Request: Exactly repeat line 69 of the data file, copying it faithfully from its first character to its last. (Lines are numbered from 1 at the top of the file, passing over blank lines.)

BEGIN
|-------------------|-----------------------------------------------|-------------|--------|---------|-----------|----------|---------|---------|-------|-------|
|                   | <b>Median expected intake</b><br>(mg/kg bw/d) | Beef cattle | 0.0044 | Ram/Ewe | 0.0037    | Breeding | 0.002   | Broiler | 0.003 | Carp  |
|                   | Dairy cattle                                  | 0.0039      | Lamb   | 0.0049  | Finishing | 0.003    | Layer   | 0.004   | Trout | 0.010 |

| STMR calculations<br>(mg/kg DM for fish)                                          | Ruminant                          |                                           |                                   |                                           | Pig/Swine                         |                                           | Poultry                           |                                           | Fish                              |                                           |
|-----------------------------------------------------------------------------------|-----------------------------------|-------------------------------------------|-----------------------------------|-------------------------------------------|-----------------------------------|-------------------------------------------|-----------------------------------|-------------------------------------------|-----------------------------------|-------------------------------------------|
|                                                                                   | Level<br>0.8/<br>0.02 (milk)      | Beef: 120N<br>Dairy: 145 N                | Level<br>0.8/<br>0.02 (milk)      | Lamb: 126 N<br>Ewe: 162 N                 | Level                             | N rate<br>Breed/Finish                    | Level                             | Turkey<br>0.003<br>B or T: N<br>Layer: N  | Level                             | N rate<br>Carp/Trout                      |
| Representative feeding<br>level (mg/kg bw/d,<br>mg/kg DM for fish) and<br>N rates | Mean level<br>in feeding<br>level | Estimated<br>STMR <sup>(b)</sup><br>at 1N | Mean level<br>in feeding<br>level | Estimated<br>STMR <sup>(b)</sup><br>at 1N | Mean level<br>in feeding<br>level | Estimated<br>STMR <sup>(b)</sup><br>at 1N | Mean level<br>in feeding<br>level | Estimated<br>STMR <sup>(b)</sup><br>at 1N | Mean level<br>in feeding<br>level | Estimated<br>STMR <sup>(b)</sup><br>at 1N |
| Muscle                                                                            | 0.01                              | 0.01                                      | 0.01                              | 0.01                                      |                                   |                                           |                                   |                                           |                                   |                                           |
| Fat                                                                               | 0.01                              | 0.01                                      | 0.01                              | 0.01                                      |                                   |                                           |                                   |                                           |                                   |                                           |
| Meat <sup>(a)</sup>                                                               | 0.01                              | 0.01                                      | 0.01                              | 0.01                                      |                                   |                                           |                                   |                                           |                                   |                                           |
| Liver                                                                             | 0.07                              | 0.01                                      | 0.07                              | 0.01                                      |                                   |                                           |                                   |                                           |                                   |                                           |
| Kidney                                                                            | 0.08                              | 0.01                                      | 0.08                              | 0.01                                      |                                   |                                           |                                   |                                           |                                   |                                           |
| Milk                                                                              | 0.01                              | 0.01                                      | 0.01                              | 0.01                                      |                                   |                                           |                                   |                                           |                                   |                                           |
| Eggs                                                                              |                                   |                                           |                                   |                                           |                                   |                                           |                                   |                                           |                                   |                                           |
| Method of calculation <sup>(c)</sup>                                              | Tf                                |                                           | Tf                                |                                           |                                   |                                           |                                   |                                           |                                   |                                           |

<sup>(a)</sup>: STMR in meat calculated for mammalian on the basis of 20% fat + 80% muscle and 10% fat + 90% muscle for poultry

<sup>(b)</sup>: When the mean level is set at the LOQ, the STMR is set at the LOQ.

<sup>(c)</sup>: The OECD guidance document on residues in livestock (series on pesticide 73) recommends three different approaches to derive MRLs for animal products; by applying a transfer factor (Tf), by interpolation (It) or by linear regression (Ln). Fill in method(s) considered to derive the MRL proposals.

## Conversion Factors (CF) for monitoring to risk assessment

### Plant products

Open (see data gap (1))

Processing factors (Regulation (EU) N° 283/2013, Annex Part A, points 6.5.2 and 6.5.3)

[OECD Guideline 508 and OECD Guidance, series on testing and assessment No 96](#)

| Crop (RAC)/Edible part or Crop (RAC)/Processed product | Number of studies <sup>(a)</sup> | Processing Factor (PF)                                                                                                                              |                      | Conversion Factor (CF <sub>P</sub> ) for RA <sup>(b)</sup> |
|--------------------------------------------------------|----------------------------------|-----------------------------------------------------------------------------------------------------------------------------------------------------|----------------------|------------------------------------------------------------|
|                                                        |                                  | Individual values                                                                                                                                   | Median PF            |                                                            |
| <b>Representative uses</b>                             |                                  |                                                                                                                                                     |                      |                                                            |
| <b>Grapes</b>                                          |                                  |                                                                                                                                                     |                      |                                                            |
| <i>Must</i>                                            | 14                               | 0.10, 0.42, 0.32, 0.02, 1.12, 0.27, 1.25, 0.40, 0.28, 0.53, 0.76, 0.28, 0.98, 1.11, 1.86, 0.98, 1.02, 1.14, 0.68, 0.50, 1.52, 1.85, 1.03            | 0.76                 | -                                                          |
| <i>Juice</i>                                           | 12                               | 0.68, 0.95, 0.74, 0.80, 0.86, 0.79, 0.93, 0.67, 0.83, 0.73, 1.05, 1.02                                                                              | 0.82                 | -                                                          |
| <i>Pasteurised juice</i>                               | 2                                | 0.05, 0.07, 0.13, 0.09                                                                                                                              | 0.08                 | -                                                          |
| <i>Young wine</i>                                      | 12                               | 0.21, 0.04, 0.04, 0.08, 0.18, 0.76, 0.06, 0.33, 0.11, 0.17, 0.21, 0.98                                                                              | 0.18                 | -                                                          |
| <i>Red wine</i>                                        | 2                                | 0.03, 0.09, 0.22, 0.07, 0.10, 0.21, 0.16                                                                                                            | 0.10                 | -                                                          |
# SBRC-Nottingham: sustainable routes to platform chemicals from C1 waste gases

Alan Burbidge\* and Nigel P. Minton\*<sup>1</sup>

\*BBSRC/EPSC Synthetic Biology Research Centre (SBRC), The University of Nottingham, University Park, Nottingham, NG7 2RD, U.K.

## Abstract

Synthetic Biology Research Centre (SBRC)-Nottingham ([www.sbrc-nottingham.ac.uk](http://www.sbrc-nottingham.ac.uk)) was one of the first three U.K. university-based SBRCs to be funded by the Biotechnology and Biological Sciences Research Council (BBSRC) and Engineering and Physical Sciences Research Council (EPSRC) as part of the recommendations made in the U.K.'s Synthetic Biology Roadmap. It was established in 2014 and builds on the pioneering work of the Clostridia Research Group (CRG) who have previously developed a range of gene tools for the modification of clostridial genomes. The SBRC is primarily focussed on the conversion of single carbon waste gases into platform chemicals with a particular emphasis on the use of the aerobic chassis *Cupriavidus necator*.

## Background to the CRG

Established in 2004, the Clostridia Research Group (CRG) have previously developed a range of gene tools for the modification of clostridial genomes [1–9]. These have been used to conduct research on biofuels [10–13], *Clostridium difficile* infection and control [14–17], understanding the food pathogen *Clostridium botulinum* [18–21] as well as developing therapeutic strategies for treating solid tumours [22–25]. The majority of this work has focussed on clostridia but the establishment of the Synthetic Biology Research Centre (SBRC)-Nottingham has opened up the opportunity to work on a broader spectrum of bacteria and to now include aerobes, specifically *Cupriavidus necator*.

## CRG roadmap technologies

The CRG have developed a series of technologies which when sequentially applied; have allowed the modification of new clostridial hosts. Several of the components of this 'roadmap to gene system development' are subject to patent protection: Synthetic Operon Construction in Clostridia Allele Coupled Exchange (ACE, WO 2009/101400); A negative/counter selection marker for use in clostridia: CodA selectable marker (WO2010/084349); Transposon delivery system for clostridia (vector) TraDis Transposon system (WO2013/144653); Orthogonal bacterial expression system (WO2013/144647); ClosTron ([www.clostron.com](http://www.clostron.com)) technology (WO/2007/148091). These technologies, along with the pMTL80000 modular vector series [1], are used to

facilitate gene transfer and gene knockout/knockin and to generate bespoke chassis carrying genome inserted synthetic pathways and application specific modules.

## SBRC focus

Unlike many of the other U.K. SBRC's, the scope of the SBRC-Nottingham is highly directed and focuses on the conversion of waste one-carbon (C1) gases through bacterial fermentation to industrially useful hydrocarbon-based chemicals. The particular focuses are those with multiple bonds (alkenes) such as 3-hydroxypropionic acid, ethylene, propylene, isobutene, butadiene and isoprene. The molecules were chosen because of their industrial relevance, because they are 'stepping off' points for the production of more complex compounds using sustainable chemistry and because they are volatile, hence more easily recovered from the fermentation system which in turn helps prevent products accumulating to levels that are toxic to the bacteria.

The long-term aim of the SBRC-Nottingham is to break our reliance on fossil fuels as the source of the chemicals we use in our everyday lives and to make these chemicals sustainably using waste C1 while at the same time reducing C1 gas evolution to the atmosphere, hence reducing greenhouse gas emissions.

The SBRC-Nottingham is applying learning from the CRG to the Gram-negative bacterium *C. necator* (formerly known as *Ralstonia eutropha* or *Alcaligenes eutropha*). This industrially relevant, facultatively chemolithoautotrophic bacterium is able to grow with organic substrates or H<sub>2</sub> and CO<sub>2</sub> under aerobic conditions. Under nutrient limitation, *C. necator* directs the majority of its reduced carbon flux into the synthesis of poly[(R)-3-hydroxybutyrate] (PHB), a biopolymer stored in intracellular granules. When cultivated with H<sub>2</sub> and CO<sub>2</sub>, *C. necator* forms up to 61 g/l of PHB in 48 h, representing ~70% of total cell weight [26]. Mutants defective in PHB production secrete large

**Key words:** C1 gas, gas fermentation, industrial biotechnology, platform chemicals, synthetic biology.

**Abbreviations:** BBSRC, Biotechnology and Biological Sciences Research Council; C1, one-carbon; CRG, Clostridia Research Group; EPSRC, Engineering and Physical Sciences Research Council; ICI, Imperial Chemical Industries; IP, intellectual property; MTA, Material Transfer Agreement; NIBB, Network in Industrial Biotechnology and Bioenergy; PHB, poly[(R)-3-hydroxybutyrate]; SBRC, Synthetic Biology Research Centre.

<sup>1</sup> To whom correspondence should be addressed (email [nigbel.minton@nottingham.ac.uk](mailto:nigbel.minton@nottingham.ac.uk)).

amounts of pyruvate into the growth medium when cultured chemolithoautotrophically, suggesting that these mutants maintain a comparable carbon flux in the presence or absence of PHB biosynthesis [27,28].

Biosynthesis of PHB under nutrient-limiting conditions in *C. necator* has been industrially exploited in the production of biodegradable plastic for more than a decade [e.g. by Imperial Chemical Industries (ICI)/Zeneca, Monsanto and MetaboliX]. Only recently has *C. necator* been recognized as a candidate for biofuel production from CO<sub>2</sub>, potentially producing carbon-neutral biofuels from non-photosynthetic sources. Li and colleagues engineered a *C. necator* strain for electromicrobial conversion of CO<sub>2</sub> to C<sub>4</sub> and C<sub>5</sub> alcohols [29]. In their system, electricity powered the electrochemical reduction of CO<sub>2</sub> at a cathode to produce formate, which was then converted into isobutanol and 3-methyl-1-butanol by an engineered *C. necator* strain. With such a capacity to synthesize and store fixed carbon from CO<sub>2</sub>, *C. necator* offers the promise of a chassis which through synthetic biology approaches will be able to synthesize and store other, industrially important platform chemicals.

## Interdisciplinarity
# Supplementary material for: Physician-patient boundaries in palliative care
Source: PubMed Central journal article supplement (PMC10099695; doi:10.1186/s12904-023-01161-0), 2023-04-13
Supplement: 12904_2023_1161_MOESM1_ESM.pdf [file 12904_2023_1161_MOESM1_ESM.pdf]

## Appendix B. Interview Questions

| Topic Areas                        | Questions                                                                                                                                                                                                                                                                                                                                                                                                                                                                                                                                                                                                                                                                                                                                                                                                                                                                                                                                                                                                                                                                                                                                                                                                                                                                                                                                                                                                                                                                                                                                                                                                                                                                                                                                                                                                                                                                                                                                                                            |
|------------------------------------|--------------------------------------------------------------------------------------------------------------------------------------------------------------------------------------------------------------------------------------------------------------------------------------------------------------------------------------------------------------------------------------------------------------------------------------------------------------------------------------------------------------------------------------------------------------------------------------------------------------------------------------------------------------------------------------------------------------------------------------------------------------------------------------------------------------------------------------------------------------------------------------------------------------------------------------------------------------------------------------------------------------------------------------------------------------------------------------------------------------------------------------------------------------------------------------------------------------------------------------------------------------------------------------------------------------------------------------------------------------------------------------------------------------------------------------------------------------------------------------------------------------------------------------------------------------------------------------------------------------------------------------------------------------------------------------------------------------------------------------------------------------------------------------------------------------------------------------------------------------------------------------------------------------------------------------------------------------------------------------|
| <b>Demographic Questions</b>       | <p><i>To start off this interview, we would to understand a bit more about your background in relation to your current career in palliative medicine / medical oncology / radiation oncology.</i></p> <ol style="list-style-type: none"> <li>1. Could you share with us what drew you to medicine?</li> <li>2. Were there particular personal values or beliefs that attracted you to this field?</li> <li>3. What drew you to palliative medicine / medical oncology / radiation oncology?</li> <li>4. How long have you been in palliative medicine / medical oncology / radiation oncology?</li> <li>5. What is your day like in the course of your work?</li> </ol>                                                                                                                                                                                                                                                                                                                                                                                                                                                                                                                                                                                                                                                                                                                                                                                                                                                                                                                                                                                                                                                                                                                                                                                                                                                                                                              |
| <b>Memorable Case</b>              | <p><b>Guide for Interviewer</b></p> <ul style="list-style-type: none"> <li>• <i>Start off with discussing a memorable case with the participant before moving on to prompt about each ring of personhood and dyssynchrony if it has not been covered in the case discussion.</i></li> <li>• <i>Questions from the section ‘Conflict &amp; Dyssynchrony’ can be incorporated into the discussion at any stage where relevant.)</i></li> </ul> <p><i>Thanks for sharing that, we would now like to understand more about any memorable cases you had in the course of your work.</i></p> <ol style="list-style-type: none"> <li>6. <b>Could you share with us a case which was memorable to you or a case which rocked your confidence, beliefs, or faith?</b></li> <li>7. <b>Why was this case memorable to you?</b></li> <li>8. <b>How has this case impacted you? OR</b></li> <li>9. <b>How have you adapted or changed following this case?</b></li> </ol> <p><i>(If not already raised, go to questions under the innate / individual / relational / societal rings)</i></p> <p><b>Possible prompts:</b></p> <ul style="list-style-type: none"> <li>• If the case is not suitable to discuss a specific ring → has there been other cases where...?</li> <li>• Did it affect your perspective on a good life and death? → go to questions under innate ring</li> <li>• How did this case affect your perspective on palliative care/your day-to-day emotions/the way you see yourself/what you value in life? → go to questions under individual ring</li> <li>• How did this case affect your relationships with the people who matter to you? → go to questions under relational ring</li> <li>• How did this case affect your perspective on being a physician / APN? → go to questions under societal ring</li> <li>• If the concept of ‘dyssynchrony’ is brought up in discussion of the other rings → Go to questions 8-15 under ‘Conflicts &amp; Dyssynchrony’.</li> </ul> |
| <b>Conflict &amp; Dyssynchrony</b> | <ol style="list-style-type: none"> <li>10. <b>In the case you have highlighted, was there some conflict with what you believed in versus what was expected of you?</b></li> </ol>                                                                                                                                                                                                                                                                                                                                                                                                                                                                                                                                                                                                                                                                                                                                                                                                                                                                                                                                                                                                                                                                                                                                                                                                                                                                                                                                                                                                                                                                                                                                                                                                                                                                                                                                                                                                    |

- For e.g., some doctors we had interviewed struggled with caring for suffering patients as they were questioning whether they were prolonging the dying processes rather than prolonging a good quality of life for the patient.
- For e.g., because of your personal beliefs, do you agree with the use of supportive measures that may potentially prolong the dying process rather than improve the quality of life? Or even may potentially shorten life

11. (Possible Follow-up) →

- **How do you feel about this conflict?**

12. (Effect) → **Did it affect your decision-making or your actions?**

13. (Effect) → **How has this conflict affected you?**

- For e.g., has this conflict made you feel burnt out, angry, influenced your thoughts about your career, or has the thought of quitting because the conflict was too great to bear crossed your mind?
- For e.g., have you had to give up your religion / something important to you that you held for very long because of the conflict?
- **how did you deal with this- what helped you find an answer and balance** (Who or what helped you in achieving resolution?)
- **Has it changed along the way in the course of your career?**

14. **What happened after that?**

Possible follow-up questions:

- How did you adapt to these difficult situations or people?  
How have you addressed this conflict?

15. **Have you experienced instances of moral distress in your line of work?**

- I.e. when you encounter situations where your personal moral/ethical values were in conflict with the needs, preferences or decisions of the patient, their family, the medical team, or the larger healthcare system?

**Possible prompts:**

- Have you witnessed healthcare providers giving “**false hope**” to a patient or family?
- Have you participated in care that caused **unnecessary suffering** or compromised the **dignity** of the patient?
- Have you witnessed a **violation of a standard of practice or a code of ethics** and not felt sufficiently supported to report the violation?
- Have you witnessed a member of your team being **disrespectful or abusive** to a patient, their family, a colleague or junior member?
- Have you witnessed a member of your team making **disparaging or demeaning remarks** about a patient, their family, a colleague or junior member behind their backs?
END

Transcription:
- For e.g., has this conflict made you feel burnt out, angry, influenced your thoughts about your career, or has the thought of quitting because the conflict was too great to bear crossed your mind?